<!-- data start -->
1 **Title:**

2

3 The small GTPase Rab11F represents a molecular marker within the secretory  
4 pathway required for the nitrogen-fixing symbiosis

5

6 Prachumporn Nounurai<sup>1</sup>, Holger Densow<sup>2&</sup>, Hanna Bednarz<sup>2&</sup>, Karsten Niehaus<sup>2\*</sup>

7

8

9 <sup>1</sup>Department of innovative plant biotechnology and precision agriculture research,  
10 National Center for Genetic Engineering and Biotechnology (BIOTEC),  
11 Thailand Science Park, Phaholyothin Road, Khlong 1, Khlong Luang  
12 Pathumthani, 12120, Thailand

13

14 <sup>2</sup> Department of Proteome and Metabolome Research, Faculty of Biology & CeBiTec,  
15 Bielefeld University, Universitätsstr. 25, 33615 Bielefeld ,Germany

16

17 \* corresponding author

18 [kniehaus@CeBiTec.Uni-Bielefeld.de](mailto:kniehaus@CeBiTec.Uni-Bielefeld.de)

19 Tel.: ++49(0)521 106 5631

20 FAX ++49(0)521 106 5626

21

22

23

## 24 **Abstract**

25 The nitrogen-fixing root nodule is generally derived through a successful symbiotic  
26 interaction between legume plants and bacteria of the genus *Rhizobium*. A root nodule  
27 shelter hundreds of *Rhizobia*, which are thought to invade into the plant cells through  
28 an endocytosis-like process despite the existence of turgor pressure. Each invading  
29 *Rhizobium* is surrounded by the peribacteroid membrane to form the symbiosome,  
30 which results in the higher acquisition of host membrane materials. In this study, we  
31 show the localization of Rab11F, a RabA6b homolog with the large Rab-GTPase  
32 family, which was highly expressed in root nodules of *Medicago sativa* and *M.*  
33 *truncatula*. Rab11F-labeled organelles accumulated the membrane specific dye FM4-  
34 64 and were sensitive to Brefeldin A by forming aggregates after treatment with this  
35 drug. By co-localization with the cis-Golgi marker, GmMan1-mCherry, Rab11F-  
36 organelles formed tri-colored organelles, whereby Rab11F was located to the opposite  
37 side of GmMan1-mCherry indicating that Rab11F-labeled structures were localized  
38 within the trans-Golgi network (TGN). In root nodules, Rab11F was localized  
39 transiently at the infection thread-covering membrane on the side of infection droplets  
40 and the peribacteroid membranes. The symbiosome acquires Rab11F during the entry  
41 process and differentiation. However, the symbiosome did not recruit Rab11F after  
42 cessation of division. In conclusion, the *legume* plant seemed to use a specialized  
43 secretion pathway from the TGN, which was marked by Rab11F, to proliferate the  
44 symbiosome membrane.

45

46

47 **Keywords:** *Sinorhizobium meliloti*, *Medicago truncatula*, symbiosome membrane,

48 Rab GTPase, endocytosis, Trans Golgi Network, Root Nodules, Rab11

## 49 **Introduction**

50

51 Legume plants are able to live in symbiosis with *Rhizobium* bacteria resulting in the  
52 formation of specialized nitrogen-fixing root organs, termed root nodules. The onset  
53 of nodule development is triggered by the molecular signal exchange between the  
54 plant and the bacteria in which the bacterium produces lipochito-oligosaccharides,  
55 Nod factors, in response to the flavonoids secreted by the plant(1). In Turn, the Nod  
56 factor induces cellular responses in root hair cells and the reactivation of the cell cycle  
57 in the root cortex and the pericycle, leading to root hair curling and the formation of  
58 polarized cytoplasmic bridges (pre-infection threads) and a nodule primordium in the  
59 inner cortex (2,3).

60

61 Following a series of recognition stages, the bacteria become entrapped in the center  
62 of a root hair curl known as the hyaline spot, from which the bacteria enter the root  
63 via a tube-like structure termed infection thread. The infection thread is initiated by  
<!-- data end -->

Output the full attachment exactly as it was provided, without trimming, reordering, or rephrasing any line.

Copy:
1 **Title:**

2

3 The small GTPase Rab11F represents a molecular marker within the secretory  
4 pathway required for the nitrogen-fixing symbiosis

5

6 Prachumporn Nounurai<sup>1</sup>, Holger Densow<sup>2&</sup>, Hanna Bednarz<sup>2&</sup>, Karsten Niehaus<sup>2\*</sup>

7

8

9 <sup>1</sup>Department of innovative plant biotechnology and precision agriculture research,  
10 National Center for Genetic Engineering and Biotechnology (BIOTEC),  
11 Thailand Science Park, Phaholyothin Road, Khlong 1, Khlong Luang  
12 Pathumthani, 12120, Thailand

13

14 <sup>2</sup> Department of Proteome and Metabolome Research, Faculty of Biology & CeBiTec,  
15 Bielefeld University, Universitätsstr. 25, 33615 Bielefeld ,Germany

16

17 \* corresponding author

18 [kniehaus@CeBiTec.Uni-Bielefeld.de](mailto:kniehaus@CeBiTec.Uni-Bielefeld.de)

19 Tel.: ++49(0)521 106 5631

20 FAX ++49(0)521 106 5626

21

22

23

## 24 **Abstract**

25 The nitrogen-fixing root nodule is generally derived through a successful symbiotic  
26 interaction between legume plants and bacteria of the genus *Rhizobium*. A root nodule  
27 shelter hundreds of *Rhizobia*, which are thought to invade into the plant cells through  
28 an endocytosis-like process despite the existence of turgor pressure. Each invading  
29 *Rhizobium* is surrounded by the peribacteroid membrane to form the symbiosome,  
30 which results in the higher acquisition of host membrane materials. In this study, we  
31 show the localization of Rab11F, a RabA6b homolog with the large Rab-GTPase  
32 family, which was highly expressed in root nodules of *Medicago sativa* and *M.*  
33 *truncatula*. Rab11F-labeled organelles accumulated the membrane specific dye FM4-  
34 64 and were sensitive to Brefeldin A by forming aggregates after treatment with this  
35 drug. By co-localization with the cis-Golgi marker, GmMan1-mCherry, Rab11F-  
36 organelles formed tri-colored organelles, whereby Rab11F was located to the opposite  
37 side of GmMan1-mCherry indicating that Rab11F-labeled structures were localized  
38 within the trans-Golgi network (TGN). In root nodules, Rab11F was localized  
39 transiently at the infection thread-covering membrane on the side of infection droplets  
40 and the peribacteroid membranes. The symbiosome acquires Rab11F during the entry  
41 process and differentiation. However, the symbiosome did not recruit Rab11F after  
42 cessation of division. In conclusion, the *legume* plant seemed to use a specialized  
43 secretion pathway from the TGN, which was marked by Rab11F, to proliferate the  
44 symbiosome membrane.

45

46

47 **Keywords:** *Sinorhizobium meliloti*, *Medicago truncatula*, symbiosome membrane,

48 Rab GTPase, endocytosis, Trans Golgi Network, Root Nodules, Rab11

## 49 **Introduction**

50

51 Legume plants are able to live in symbiosis with *Rhizobium* bacteria resulting in the  
52 formation of specialized nitrogen-fixing root organs, termed root nodules. The onset  
53 of nodule development is triggered by the molecular signal exchange between the  
54 plant and the bacteria in which the bacterium produces lipochito-oligosaccharides,  
55 Nod factors, in response to the flavonoids secreted by the plant(1). In Turn, the Nod  
56 factor induces cellular responses in root hair cells and the reactivation of the cell cycle  
57 in the root cortex and the pericycle, leading to root hair curling and the formation of  
58 polarized cytoplasmic bridges (pre-infection threads) and a nodule primordium in the  
59 inner cortex (2,3).

60

61 Following a series of recognition stages, the bacteria become entrapped in the center  
62 of a root hair curl known as the hyaline spot, from which the bacteria enter the root  
63 via a tube-like structure termed infection thread. The infection thread is initiated by  